Time and temperature These work together in baking. A low temperature and longer baking time yields crisper, thinner cookies; a higher temperature and shorter baking time makes softer, thicker cookies.
Just like in the laboratory, even the seemingly smallest changes can affect the outcome — oven temperature variations, moisture and even the order in which you add the ingredients are just a few of the factors that can affect texture and taste. And while some may love a soft cookie, others prefer a crispier variation.
Butter makes cookies spread if the dough is too soft before baking. Not having the butter at the right consistency when making the dough. The dough should be soft enough to allow you to poke an indentation with your finger, but the indentation shouldn’t stay.
Chocolate chip cookies are too cakey or dry, or both. The most common cause is using a different flour than usual, such as cake flour, and measuring flour with too heavy a hand. Using larger eggs than called for can make cookies cakey, as will the addition of milk or more milk or other liquids than specified.
- That fluffy texture you want in a cake results from beating a lot of air into the room temperature butter and sugar, and it does the same for cookies. …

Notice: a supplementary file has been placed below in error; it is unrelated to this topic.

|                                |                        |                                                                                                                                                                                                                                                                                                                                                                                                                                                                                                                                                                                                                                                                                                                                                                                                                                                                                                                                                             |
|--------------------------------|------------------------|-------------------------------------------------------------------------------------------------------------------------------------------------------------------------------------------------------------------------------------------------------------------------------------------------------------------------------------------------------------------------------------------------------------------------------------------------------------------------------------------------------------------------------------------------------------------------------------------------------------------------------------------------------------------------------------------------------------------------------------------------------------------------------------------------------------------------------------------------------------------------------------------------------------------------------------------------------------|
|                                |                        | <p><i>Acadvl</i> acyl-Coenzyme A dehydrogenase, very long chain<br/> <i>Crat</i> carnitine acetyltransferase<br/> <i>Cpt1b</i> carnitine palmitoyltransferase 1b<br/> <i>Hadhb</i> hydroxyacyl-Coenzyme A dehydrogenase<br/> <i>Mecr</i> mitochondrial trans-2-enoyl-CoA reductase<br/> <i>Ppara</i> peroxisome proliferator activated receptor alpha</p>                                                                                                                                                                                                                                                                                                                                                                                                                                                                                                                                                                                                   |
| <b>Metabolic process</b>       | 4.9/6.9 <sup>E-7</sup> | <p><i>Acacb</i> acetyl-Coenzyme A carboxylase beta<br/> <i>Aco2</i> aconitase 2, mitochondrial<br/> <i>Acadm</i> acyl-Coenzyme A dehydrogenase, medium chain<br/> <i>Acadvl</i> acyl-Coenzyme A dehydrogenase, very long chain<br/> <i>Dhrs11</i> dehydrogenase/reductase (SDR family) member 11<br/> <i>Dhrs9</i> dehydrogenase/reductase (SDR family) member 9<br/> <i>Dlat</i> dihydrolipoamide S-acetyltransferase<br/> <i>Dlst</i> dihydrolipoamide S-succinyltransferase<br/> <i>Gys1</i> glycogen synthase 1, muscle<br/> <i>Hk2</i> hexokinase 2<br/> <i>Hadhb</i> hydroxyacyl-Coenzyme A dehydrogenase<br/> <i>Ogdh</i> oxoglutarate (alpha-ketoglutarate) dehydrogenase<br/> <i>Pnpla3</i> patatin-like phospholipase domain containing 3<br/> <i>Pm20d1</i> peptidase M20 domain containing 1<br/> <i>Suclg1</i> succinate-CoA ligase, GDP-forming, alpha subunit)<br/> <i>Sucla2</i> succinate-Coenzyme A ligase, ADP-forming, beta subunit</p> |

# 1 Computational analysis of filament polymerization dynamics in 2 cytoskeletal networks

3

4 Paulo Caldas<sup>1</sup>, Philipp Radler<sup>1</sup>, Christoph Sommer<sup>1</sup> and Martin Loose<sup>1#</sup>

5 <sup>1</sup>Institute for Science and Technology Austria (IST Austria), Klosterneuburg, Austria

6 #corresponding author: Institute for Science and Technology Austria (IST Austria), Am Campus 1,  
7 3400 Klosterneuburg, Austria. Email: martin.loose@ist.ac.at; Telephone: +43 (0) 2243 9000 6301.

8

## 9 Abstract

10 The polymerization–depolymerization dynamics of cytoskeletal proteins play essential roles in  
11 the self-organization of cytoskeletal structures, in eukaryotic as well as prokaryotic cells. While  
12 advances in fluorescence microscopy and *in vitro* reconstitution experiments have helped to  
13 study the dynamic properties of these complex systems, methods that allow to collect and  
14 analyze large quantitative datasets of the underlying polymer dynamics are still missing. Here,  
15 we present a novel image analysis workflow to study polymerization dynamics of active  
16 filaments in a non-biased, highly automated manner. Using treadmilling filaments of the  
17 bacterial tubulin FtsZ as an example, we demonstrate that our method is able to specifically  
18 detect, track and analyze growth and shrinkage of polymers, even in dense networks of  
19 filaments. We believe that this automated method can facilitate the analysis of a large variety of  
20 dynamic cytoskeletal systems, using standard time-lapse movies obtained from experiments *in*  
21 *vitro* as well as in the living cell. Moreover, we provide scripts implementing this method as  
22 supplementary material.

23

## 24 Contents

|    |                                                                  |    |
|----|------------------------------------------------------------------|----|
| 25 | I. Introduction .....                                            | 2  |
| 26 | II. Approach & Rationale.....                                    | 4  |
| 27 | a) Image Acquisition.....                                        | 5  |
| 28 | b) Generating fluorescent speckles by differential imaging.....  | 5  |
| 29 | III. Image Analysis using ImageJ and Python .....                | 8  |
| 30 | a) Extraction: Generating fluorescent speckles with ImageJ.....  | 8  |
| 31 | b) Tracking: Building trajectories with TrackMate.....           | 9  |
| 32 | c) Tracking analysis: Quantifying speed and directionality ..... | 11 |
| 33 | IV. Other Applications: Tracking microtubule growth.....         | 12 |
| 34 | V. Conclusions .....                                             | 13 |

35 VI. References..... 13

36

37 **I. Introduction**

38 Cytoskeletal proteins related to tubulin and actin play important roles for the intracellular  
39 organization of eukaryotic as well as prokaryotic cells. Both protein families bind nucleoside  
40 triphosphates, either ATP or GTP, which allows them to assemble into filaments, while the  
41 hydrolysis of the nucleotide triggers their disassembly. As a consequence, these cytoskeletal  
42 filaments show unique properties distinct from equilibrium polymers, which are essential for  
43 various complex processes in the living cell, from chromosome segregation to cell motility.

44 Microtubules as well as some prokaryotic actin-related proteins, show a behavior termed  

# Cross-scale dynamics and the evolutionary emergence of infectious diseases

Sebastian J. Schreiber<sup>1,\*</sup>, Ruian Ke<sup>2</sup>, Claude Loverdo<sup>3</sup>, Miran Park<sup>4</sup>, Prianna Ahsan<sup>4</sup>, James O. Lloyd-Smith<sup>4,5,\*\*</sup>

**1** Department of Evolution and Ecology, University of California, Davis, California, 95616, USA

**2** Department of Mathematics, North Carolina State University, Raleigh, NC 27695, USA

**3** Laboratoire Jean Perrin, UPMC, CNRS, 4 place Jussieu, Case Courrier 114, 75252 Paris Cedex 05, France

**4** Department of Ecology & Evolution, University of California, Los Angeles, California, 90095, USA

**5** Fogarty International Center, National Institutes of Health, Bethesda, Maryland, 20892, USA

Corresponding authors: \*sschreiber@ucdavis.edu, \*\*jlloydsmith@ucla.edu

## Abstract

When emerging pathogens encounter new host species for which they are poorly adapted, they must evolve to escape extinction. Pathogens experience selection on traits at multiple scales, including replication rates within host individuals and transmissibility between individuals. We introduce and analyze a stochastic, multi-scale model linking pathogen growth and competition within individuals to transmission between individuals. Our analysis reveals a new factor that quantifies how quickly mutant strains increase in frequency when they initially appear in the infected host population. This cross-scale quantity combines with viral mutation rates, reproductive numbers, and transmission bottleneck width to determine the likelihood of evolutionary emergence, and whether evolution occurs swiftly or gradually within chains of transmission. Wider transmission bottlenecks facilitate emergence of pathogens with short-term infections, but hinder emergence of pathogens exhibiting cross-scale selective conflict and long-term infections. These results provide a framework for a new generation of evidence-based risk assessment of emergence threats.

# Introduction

- Use melted butter for a denser, chewier cookie.
- Play with the liquid ratio in your recipe. …
- Use all-purpose or bread flour.
- Increase the sugar content slightly.
Water vapor escaping from the dough in combination with the carbon dioxide released by our baking soda is ultimately what makes our cookies light and airy. … Baking powder creates extra leavening and a fluffier cookie. Many recipes call for either one or a combination of both.
The following factors all increase spread in cookies: heavily greased pans, high sugar content, high liquid content, high oven temperature. In the one-stage mixing method, all ingredients are placed in the mixing bowl and mixed together.
How do incorrect ingredients affect baking?
Inaccurate measurements – When you’re not precise in measuring or scaling ingredients for baked goods, the results can be disappointing to disastrous. The taste, consistency and density can all be negatively impacted if your dry or liquid ingredient measurements are off.
Normally the cookie should not be too flat – should be rounded in the middle, should snap if it’s crispy or bend and break if it’s chewy. If it has nuts, there should be enough of them to have a piece in every bite. The cookies should be big enough to get a good taste of the cookie but not so big that it’s a full meal.